At last count, women in America working full-time, year-round earned 78 cents for every dollar men earned. At its current rate, the US won't close that gender wage gap until 2058, according to a new report from the Institute for Women's Policy Research, a nonprofit that advocates for policies that help women at work.
IWPR took this one step further, calculating when states' wage gaps will close. The first, Florida, is estimated to have a 0-percent wage gap in 23 years. But five states will have to wait until at least 2100 for pay parity.
To come up with these estimates, IWPR simply used current rates of change in each state's gender wage gap and extrapolated them out. These rates could easily slow down or speed up in the coming years, so what this chart tells you isn't, of course, a hard-and-fast date on when the gender wage gap will close in any given place. Rather, what it does well is communicate two important facts: one, wage gaps are much bigger in some states than others, and that's a huge reason the gap will take so much longer to close nationwide. Those differences (as well as differences in the rate of change) happen for various reasons. Wyoming and North Dakota for example, have the booming, male-dominated oil and gas industry, which features many high-paying jobs. So industries and occupations factor in, as well as a host of other factors, like how educated women are in a particular region compared with men.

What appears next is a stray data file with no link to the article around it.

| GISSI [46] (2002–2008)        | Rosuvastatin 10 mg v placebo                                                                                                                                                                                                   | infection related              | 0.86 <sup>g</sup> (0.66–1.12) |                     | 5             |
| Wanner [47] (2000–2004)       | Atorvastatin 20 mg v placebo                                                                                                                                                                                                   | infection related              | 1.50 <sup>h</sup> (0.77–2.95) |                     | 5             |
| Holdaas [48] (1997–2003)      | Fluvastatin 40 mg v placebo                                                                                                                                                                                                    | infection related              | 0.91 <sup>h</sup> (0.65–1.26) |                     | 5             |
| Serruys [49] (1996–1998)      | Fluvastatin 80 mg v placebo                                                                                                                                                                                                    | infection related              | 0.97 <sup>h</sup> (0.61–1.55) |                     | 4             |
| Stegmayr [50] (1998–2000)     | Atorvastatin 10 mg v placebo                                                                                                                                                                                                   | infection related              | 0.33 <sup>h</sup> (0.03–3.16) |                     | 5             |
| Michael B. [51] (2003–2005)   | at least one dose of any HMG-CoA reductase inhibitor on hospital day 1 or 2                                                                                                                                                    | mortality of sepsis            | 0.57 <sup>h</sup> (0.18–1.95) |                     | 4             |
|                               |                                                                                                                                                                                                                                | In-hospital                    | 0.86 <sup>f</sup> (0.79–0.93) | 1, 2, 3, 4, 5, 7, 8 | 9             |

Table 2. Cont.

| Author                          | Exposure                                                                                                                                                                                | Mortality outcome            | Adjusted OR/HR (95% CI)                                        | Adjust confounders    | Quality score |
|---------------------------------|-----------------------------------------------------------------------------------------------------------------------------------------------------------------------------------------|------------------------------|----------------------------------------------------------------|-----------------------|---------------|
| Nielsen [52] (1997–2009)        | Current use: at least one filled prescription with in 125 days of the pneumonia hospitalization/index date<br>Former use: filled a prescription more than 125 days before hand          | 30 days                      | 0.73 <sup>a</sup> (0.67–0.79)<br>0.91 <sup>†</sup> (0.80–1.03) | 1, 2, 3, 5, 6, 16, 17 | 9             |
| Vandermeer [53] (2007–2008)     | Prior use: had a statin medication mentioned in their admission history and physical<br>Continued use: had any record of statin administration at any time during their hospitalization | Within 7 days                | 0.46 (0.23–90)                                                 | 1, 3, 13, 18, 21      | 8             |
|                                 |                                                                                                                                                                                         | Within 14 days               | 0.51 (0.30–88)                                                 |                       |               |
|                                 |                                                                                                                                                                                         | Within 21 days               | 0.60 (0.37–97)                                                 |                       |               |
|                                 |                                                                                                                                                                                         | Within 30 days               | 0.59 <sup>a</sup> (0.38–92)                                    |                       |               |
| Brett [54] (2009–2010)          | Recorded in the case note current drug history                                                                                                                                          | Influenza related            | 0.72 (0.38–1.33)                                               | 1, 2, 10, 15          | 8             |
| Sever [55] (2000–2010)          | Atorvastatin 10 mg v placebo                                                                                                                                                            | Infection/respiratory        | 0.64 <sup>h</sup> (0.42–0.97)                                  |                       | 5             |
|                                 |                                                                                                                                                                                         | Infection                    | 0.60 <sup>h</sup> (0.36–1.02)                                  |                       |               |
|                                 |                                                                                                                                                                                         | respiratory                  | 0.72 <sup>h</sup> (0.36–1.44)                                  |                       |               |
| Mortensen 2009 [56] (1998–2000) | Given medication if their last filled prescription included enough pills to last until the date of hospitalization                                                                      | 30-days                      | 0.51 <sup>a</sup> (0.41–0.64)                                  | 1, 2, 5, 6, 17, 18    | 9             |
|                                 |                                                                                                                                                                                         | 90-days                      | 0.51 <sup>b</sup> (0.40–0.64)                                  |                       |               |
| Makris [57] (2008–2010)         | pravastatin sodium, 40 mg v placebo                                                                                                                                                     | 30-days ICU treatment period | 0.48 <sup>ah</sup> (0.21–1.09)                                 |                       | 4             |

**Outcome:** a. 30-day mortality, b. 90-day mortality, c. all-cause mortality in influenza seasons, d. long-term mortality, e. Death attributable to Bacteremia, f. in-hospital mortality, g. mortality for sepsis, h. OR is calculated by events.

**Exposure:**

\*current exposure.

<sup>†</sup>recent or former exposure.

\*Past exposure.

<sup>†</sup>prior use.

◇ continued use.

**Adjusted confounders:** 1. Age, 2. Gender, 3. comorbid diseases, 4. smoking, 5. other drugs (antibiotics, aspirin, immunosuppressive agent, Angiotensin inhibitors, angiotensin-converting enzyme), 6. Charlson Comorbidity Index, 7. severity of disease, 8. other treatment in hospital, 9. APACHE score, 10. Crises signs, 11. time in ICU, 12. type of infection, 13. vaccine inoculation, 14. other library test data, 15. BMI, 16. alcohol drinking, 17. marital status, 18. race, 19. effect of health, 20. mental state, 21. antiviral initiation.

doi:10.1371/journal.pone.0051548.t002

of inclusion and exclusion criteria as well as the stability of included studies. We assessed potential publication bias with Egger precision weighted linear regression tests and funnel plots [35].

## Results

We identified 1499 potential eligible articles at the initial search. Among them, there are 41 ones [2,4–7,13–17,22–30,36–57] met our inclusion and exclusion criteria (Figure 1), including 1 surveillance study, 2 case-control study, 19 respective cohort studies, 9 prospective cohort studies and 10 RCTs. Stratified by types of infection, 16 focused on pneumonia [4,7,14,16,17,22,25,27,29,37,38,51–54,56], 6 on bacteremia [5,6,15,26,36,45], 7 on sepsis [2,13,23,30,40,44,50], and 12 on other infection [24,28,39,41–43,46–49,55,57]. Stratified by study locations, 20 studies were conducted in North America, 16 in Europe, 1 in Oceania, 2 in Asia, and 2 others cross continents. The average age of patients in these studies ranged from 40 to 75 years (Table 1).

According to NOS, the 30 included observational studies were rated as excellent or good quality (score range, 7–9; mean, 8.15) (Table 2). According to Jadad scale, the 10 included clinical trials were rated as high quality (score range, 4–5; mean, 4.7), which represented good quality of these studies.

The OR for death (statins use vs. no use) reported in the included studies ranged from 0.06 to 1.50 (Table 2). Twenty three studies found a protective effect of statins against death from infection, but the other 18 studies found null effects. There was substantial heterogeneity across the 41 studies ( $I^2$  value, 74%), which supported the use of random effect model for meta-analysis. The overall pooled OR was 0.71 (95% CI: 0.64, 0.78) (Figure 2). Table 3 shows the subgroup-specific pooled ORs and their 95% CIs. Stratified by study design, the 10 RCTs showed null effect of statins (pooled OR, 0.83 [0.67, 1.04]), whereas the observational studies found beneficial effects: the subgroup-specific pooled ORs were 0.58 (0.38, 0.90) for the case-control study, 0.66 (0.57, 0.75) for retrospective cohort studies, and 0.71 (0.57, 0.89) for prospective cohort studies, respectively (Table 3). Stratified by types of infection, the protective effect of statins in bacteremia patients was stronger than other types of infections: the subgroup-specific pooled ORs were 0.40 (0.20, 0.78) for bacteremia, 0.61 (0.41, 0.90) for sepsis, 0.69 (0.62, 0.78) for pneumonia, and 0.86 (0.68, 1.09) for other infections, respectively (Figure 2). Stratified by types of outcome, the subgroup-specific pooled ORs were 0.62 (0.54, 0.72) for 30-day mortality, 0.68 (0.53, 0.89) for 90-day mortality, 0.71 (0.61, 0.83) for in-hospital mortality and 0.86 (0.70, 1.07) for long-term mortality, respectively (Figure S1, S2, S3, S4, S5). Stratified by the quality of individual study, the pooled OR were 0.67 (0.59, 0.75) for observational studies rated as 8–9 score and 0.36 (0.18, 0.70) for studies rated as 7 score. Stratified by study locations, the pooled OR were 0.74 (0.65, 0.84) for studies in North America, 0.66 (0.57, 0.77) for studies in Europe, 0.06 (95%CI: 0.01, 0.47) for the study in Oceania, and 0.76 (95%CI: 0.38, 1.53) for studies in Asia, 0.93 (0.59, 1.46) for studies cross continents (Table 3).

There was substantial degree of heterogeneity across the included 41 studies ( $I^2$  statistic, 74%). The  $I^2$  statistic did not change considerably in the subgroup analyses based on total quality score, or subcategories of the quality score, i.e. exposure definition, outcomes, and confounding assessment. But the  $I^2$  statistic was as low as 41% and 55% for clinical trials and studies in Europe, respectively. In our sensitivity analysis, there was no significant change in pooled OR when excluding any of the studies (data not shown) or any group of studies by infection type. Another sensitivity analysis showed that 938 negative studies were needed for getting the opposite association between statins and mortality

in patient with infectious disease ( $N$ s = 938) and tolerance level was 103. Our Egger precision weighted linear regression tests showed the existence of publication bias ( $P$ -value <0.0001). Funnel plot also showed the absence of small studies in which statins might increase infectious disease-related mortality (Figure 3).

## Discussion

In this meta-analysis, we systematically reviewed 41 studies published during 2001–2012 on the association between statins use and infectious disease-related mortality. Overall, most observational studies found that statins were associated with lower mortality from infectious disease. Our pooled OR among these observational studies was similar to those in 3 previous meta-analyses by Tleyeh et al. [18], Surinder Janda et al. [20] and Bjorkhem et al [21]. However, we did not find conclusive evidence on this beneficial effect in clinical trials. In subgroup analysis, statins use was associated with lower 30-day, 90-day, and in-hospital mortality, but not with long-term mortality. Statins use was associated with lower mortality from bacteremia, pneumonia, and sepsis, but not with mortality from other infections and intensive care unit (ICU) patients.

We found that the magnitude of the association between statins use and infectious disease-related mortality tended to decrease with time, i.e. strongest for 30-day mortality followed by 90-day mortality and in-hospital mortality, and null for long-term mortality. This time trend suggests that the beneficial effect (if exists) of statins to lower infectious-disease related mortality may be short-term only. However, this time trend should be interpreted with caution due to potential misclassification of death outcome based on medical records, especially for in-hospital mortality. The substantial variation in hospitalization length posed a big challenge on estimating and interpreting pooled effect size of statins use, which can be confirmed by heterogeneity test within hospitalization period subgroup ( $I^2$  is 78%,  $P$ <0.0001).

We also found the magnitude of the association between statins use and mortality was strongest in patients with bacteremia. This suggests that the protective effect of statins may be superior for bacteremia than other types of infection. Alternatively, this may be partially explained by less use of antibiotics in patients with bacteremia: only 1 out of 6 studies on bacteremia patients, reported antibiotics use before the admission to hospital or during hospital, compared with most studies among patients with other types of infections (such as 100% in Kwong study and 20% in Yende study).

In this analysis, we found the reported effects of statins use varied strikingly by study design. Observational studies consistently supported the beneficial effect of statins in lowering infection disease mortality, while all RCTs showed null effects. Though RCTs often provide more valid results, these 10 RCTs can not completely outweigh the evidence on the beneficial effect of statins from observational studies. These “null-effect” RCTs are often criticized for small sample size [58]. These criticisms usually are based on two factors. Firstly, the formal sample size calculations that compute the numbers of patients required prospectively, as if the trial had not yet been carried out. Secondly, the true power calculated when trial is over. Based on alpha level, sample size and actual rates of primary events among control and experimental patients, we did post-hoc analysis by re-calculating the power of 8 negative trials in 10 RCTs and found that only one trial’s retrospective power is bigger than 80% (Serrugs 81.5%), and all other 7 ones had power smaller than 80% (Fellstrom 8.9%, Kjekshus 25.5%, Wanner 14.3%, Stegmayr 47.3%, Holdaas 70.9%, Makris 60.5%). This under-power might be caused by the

But the finding also highlights the fact that the wage gap is shrinking slowly. Right now, women earn 22 percent less than men (according to 2013 statistics). Five years ago, it was around 23 percent, according to the National Women's Law Center. Ten years ago, it was 25 percent.